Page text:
– Hi, sorry to bother you, but could you please help me? I’m confused … the description of this collection says it has 44 boxes but then there are only 20 boxes listed.
– Hmm. Let me look at that for you … [clickety clickety clickety … pad pad pad … murmur murmur murmur … stride stride stride] Yes, that’s correct. There are 44 boxes, but 24 are uncatalogued.
– [heart sinking; the catalogued 20 are from a period completely irrelevant to your topic] Would it be possible for me still to see them please?
– [pad pad pad … murmur murmur murmur … stride stride stride] Yes, though you should know that once we catalogue them the box number may change.
– [calls boxes … boxes begin to arrive … begins looking]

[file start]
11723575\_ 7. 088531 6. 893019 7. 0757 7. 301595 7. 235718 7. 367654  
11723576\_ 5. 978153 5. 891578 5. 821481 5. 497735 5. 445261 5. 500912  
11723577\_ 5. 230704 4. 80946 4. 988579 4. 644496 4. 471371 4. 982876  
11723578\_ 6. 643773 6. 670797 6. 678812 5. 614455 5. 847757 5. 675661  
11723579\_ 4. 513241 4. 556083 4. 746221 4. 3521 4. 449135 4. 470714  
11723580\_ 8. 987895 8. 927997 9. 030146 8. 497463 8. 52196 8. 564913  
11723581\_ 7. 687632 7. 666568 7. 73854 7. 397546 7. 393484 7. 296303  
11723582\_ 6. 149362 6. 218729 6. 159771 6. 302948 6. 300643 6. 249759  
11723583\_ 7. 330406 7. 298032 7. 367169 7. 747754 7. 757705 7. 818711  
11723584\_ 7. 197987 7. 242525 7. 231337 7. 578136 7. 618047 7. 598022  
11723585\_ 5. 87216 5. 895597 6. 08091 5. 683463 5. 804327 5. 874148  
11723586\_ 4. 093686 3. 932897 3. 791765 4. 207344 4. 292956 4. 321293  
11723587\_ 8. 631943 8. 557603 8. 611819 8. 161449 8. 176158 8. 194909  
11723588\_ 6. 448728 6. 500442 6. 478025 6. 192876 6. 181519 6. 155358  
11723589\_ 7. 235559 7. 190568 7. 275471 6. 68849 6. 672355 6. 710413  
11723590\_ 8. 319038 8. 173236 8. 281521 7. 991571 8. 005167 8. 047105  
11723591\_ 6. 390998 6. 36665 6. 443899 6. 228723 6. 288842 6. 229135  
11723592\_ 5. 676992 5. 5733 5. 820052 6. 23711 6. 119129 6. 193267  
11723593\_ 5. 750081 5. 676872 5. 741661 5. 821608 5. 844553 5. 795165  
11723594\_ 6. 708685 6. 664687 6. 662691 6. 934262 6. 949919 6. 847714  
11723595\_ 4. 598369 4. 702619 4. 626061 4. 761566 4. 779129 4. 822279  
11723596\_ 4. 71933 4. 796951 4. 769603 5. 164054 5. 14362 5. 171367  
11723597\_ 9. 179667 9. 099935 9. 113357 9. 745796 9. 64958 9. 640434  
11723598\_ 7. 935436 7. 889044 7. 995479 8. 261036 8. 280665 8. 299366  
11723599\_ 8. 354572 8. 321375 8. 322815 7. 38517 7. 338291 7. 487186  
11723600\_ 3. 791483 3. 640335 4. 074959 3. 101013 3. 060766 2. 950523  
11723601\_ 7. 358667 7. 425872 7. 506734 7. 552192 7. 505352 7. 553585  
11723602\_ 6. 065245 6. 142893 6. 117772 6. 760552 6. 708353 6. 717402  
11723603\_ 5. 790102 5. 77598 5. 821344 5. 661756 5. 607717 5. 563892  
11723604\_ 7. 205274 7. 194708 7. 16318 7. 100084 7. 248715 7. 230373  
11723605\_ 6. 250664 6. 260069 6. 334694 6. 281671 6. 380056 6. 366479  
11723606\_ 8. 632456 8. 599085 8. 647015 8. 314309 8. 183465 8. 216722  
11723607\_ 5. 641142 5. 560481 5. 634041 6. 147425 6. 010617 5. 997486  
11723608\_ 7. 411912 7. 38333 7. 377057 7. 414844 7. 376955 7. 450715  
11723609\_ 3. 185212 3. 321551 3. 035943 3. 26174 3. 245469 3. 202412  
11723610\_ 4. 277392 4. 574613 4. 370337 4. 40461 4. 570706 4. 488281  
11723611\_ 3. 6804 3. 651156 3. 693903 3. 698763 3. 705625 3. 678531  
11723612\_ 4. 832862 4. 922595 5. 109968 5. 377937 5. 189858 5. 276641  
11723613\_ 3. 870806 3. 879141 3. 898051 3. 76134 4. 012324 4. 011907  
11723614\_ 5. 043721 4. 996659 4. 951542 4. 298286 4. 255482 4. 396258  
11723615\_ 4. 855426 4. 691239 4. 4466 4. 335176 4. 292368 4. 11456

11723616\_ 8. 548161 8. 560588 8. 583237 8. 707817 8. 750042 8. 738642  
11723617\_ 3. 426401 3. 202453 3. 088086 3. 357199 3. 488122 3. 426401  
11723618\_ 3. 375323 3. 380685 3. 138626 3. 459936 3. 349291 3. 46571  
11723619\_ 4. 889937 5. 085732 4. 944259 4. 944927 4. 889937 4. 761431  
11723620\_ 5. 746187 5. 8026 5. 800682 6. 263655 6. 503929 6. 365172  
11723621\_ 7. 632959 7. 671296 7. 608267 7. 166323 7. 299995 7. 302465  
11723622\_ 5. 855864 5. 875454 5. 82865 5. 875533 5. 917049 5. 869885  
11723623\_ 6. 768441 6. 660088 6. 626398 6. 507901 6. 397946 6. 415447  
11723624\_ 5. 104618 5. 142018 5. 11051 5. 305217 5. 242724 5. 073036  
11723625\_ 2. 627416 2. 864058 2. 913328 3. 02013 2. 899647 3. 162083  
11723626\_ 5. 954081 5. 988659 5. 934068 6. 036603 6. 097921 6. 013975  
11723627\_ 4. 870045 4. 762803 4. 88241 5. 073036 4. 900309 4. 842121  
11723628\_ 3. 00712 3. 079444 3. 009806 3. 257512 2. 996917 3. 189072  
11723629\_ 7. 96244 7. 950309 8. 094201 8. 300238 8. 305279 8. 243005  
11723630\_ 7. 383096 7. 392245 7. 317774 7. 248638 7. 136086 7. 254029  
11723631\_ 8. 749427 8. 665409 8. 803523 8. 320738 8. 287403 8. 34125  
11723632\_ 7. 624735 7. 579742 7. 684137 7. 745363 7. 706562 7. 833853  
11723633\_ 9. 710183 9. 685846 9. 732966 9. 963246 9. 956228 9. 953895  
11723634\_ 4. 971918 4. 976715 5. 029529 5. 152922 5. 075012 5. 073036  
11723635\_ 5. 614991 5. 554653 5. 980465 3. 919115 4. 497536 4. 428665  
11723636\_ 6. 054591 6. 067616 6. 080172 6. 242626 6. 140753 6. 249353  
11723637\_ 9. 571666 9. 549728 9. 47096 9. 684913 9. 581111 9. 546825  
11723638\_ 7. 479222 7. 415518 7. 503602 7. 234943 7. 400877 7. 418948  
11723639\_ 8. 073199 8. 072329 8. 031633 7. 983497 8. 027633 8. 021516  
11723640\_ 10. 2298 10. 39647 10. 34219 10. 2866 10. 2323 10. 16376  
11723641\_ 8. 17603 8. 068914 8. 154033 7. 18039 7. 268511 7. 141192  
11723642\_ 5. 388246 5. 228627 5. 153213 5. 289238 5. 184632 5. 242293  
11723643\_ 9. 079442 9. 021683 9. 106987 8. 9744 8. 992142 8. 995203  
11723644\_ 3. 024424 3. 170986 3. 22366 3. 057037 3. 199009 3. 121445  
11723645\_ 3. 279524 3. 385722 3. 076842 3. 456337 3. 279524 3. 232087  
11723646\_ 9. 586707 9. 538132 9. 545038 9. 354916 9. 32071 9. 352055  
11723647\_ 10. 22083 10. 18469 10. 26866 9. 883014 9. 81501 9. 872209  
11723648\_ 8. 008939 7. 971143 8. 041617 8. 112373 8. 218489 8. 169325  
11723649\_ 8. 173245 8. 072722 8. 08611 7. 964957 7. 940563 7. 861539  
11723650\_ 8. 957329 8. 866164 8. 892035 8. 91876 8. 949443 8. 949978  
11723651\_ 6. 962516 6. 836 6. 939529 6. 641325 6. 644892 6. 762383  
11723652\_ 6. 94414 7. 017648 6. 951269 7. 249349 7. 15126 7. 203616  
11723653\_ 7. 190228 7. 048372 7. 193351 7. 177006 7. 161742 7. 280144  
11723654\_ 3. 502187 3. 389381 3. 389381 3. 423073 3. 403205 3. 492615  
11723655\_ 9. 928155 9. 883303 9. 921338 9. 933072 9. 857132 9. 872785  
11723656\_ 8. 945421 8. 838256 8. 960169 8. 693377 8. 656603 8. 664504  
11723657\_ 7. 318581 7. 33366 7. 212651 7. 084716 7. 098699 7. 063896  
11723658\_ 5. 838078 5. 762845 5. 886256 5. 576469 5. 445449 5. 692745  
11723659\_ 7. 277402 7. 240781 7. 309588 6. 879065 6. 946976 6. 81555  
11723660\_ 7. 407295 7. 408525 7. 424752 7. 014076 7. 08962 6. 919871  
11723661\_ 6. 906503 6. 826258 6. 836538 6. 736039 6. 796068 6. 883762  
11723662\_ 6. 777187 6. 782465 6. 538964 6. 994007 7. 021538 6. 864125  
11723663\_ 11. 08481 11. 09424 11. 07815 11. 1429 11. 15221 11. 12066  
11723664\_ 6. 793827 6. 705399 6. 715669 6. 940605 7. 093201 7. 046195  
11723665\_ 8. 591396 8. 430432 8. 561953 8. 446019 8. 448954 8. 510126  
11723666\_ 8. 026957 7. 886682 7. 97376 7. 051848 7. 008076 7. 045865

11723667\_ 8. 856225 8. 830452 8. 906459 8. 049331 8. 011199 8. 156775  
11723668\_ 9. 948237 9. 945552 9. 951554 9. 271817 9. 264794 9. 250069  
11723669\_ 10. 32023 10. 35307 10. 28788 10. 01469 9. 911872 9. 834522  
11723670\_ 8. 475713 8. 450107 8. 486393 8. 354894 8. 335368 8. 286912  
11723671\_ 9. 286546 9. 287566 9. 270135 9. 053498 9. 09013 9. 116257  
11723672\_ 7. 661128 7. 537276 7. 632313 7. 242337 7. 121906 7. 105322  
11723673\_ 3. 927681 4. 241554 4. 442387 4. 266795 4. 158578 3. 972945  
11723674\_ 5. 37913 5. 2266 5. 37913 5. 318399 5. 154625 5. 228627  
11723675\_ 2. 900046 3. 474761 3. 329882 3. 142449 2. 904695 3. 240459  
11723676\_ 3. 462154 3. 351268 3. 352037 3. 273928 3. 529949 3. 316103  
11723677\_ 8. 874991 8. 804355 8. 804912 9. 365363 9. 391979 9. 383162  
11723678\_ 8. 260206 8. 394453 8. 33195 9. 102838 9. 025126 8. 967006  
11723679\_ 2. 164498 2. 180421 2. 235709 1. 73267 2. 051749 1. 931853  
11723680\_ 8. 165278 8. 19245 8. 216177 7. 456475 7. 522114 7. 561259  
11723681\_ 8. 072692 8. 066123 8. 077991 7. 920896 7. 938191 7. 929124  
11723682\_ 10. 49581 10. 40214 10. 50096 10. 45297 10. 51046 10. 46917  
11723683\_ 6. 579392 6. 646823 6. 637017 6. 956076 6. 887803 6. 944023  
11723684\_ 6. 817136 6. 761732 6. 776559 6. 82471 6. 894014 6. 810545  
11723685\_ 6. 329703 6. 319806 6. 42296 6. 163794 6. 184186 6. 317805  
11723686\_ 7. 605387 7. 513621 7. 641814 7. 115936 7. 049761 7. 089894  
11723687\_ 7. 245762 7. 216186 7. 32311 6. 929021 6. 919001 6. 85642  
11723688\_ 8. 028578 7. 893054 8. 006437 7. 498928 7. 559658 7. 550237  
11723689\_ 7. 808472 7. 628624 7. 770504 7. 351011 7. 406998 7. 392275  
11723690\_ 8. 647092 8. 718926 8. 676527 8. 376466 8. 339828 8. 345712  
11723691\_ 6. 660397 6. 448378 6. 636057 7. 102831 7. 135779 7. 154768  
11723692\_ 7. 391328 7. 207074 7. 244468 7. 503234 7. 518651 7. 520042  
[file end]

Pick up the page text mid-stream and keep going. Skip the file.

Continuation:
On the one hand, this is terribly frustrating: you’ve no idea what you will get. On the other, it’s wonderful: you’ve no idea what you will get. There are papers in folders and papers in envelopes and loose papers, snapshots and certificates and invoices, family letters and official reports, all very much as if they were picked directly out of the subject’s garage on the day after his death and stuck in acid-free boxes and then left there for decades. There is nothing of real value, though of prudence and courtesy to the material you’ve taken a few notes and snapped a few photos. Boxes come and boxes go. Time ticks by. The archives will close in forty-five minutes. At which point, in the penultimate box – in the middle of the penultimate box – stuck in backward so the title tab is facing away from you and you might have missed it, there is a manila folder crammed about to a thickness of about an inch with onion-skin papers, labeled in unsharpened pencil with the title of your topic